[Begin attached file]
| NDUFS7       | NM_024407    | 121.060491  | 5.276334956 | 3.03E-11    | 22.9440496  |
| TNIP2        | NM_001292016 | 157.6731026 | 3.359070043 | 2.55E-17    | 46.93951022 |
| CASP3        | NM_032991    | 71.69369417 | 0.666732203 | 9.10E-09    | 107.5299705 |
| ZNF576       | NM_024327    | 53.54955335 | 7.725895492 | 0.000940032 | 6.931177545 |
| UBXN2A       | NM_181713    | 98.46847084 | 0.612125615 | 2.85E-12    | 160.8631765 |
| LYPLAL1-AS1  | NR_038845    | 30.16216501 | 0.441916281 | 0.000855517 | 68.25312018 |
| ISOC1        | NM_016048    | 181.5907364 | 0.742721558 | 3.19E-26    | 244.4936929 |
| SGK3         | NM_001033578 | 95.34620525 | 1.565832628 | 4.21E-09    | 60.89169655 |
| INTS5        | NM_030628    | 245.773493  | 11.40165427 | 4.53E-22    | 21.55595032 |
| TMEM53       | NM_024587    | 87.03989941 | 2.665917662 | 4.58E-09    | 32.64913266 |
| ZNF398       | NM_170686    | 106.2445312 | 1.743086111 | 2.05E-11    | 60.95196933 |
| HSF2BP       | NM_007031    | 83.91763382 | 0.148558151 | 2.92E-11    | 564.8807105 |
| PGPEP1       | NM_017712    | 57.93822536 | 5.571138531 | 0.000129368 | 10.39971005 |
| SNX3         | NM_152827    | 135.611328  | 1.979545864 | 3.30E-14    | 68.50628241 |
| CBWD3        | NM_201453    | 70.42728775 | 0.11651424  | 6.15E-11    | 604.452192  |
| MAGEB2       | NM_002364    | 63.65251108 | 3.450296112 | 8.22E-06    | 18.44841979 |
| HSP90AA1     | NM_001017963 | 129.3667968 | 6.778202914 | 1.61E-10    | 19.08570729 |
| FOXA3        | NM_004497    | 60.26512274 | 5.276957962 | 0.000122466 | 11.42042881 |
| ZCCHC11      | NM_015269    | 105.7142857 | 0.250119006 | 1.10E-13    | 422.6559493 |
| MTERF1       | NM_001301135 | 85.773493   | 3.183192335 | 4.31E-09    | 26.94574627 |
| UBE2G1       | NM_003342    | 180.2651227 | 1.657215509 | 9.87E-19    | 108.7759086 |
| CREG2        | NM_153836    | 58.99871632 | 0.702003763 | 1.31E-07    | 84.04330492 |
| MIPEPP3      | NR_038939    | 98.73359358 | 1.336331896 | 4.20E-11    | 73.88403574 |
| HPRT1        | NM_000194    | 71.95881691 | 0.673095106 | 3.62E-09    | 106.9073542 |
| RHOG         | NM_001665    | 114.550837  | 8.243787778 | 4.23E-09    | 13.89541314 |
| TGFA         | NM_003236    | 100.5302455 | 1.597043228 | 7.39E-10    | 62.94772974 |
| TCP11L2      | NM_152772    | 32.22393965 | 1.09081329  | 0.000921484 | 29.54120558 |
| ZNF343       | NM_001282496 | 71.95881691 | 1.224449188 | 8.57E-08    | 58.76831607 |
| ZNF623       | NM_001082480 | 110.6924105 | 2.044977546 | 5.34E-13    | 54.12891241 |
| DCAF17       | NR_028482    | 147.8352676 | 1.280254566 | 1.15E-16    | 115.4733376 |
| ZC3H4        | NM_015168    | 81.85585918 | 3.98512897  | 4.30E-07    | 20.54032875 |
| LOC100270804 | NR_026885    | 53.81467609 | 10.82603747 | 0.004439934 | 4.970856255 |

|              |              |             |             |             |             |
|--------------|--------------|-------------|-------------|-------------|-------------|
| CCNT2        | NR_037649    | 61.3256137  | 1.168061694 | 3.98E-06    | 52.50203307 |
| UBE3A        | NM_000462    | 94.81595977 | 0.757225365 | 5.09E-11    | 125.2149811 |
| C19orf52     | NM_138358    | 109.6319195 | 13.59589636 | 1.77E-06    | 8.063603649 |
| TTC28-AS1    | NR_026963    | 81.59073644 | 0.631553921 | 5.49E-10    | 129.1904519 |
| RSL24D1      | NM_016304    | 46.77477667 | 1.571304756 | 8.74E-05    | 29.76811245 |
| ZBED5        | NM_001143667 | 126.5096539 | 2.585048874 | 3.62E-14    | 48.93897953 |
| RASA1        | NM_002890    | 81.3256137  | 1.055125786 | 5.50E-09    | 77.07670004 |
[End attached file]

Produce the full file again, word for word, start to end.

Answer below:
| NDUFS7       | NM_024407    | 121.060491  | 5.276334956 | 3.03E-11    | 22.9440496  |
| TNIP2        | NM_001292016 | 157.6731026 | 3.359070043 | 2.55E-17    | 46.93951022 |
| CASP3        | NM_032991    | 71.69369417 | 0.666732203 | 9.10E-09    | 107.5299705 |
| ZNF576       | NM_024327    | 53.54955335 | 7.725895492 | 0.000940032 | 6.931177545 |
| UBXN2A       | NM_181713    | 98.46847084 | 0.612125615 | 2.85E-12    | 160.8631765 |
| LYPLAL1-AS1  | NR_038845    | 30.16216501 | 0.441916281 | 0.000855517 | 68.25312018 |
| ISOC1        | NM_016048    | 181.5907364 | 0.742721558 | 3.19E-26    | 244.4936929 |
| SGK3         | NM_001033578 | 95.34620525 | 1.565832628 | 4.21E-09    | 60.89169655 |
| INTS5        | NM_030628    | 245.773493  | 11.40165427 | 4.53E-22    | 21.55595032 |
| TMEM53       | NM_024587    | 87.03989941 | 2.665917662 | 4.58E-09    | 32.64913266 |
| ZNF398       | NM_170686    | 106.2445312 | 1.743086111 | 2.05E-11    | 60.95196933 |
| HSF2BP       | NM_007031    | 83.91763382 | 0.148558151 | 2.92E-11    | 564.8807105 |
| PGPEP1       | NM_017712    | 57.93822536 | 5.571138531 | 0.000129368 | 10.39971005 |
| SNX3         | NM_152827    | 135.611328  | 1.979545864 | 3.30E-14    | 68.50628241 |
| CBWD3        | NM_201453    | 70.42728775 | 0.11651424  | 6.15E-11    | 604.452192  |
| MAGEB2       | NM_002364    | 63.65251108 | 3.450296112 | 8.22E-06    | 18.44841979 |
| HSP90AA1     | NM_001017963 | 129.3667968 | 6.778202914 | 1.61E-10    | 19.08570729 |
| FOXA3        | NM_004497    | 60.26512274 | 5.276957962 | 0.000122466 | 11.42042881 |
| ZCCHC11      | NM_015269    | 105.7142857 | 0.250119006 | 1.10E-13    | 422.6559493 |
| MTERF1       | NM_001301135 | 85.773493   | 3.183192335 | 4.31E-09    | 26.94574627 |
| UBE2G1       | NM_003342    | 180.2651227 | 1.657215509 | 9.87E-19    | 108.7759086 |
| CREG2        | NM_153836    | 58.99871632 | 0.702003763 | 1.31E-07    | 84.04330492 |
| MIPEPP3      | NR_038939    | 98.73359358 | 1.336331896 | 4.20E-11    | 73.88403574 |
| HPRT1        | NM_000194    | 71.95881691 | 0.673095106 | 3.62E-09    | 106.9073542 |
| RHOG         | NM_001665    | 114.550837  | 8.243787778 | 4.23E-09    | 13.89541314 |
| TGFA         | NM_003236    | 100.5302455 | 1.597043228 | 7.39E-10    | 62.94772974 |
| TCP11L2      | NM_152772    | 32.22393965 | 1.09081329  | 0.000921484 | 29.54120558 |
| ZNF343       | NM_001282496 | 71.95881691 | 1.224449188 | 8.57E-08    | 58.76831607 |
| ZNF623       | NM_001082480 | 110.6924105 | 2.044977546 | 5.34E-13    | 54.12891241 |
| DCAF17       | NR_028482    | 147.8352676 | 1.280254566 | 1.15E-16    | 115.4733376 |
| ZC3H4        | NM_015168    | 81.85585918 | 3.98512897  | 4.30E-07    | 20.54032875 |
| LOC100270804 | NR_026885    | 53.81467609 | 10.82603747 | 0.004439934 | 4.970856255 |

|              |              |             |             |             |             |
|--------------|--------------|-------------|-------------|-------------|-------------|
| CCNT2        | NR_037649    | 61.3256137  | 1.168061694 | 3.98E-06    | 52.50203307 |
| UBE3A        | NM_000462    | 94.81595977 | 0.757225365 | 5.09E-11    | 125.2149811 |
| C19orf52     | NM_138358    | 109.6319195 | 13.59589636 | 1.77E-06    | 8.063603649 |
| TTC28-AS1    | NR_026963    | 81.59073644 | 0.631553921 | 5.49E-10    | 129.1904519 |
| RSL24D1      | NM_016304    | 46.77477667 | 1.571304756 | 8.74E-05    | 29.76811245 |
| ZBED5        | NM_001143667 | 126.5096539 | 2.585048874 | 3.62E-14    | 48.93897953 |
| RASA1        | NM_002890    | 81.3256137  | 1.055125786 | 5.50E-09    | 77.07670004 |